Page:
Lavrov’s visit comes amid louder warnings from Washington over Turkey’s refusal to scotch the S-400 deal. Turkish President Recep Tayyip Erdogan, who will make his fourth trip to Russia this year on April 8, reaffirmed that Turkey would buy the Russian missiles no matter what Washington had to say.

In response, US officials quoted by Reuters today said the United States would likely freeze deliveries of F-35 fighter jets to Turkey if it proceeds with the Russian missile purchase and that Turkey’s participation in the F-35 consortium was not necessary for the production to proceed. An unnamed source with direct knowledge of the United States’ position told Reuters, “There are about 800 parts that Turkey makes for the F-35, and of them, very few are sole," adding that single-source parts from Turkey could be replaced by contractors who had previously bid to make them. “Turkey is not too big to fail,” the source said.

In a further blow to Turkish-US ties, an Istanbul court ruled today that a Turkish employee of the US Consulate being tried on thinly supported espionage charges should remain in custody pending the outcome of his trial. Metin Topuz, a veteran consulate employee who served as a translator and assistant for the US Drug Enforcement Agency, has been held since October 2017 over his alleged connections to Fethullah Gulen, the Pennsylvania-based Turkish cleric who is accused of masterminding the failed 2016 coup to overthrow Erdogan. 

Evidence against Topuz in the 78-page indictment, a copy of which was obtained by Al-Monitor, is largely based on his contacts with Turkish security officials who helped spearhead a quashed corruption probe against Erdogan and his inner circle in December 2017. Most of them are in jail for their alleged role in a conspiracy to topple Erdogan. Topuz protests his innocence, saying he communicated with the officials as part of his routine duties. That view is echoed by US State Department officials, who are demanding his immediate release along with that of fellow consulate employee Mete Canturk, who is under house arrest on similar charges.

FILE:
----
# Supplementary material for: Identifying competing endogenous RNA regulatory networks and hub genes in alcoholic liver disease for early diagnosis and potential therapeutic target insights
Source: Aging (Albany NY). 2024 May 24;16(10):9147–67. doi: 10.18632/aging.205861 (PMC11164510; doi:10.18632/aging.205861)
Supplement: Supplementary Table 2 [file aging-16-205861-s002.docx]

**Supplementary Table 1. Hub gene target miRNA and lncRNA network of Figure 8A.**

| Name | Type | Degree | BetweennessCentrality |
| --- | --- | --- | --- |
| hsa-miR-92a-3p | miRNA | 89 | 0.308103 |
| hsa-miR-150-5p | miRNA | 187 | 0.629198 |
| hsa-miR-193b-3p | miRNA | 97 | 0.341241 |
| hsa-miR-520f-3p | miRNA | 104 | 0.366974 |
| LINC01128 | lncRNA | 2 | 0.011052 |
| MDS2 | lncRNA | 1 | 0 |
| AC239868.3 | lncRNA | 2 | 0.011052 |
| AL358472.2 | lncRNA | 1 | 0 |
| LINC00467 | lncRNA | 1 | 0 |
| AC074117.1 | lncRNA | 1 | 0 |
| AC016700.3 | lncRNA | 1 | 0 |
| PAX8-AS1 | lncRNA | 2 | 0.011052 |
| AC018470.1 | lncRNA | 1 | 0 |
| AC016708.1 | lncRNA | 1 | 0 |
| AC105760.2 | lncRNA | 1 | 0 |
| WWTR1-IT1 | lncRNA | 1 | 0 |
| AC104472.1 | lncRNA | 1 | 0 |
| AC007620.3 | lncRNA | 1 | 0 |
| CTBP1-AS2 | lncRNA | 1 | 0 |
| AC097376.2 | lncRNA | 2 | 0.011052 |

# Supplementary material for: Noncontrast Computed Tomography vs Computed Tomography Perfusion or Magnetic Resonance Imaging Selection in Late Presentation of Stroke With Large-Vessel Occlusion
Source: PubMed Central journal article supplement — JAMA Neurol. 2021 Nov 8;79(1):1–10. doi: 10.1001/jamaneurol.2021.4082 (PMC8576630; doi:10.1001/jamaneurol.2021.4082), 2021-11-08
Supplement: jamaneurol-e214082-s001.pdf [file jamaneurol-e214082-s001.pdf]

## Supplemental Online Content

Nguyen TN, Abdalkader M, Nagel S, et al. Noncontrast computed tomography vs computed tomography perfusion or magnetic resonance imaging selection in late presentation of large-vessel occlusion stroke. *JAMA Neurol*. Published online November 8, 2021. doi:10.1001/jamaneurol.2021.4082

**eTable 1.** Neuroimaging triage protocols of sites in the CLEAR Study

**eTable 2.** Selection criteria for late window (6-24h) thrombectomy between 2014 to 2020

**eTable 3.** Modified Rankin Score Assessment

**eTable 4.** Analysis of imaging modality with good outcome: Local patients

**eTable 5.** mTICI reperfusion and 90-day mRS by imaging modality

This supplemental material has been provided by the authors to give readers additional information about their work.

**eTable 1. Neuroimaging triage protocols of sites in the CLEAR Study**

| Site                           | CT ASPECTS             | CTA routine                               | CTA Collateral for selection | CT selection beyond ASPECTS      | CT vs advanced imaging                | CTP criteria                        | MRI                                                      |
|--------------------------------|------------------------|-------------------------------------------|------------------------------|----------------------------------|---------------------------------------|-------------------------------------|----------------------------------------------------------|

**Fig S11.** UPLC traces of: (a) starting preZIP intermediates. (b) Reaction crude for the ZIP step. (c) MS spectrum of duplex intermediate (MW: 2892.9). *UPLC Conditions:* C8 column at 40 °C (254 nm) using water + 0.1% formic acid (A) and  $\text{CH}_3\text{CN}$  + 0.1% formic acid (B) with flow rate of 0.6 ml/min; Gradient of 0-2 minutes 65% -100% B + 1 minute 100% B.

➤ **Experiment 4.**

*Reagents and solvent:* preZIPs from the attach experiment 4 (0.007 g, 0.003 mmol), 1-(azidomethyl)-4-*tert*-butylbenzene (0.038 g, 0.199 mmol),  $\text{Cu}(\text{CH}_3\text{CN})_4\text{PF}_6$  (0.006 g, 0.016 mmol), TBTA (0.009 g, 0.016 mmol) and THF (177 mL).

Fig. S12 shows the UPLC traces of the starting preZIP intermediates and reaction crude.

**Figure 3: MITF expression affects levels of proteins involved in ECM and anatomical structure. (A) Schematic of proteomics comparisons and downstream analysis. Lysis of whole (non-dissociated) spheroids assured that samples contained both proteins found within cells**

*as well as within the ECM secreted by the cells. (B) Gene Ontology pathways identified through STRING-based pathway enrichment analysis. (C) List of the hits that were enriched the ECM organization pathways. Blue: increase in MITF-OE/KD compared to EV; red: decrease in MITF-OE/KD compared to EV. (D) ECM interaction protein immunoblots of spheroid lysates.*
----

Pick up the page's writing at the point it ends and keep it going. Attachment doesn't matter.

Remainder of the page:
Continue reading this article by registering at no cost and get unlimited access to:

  • The award-winning Middle East Lobbying - The Influence Game
  • Archived articles
  • Exclusive events
  • The Week in Review
  • Lobbying newsletter delivered weekly
Found in: sergey lavrov, turkish-russian relations, us-turkish relations, mevlut cavusoglu, f-35, missiles, s-400

Amberin Zaman is a senior correspondent reporting from the Middle East, North Africa and Europe exclusively for Al-Monitor. Zaman has been a columnist for Al-Monitor for the past five years, examining the politics of Turkey, Iraq and Syria and writing the daily Briefly Turkey newsletter.  Prior to Al-Monitor, Zaman covered Turkey, the Kurds and conflicts in the region for The Washington Post, The Daily Telegraph, The Los Angeles Times and the Voice of America. She served as The Economist's Turkey correspondent between 1999 and 2016, and has worked as a columnist for several Turkish language outlets. On Twitter: @amberinzaman

Next for you
x

The website uses cookies and similar technologies to track browsing behavior for adapting the website to the user, for delivering our services, for market research, and for advertising. Detailed information, including the right to withdraw consent, can be found in our Privacy Policy. To view our Privacy Policy in full, click here. By using our site, you agree to these terms.

Accept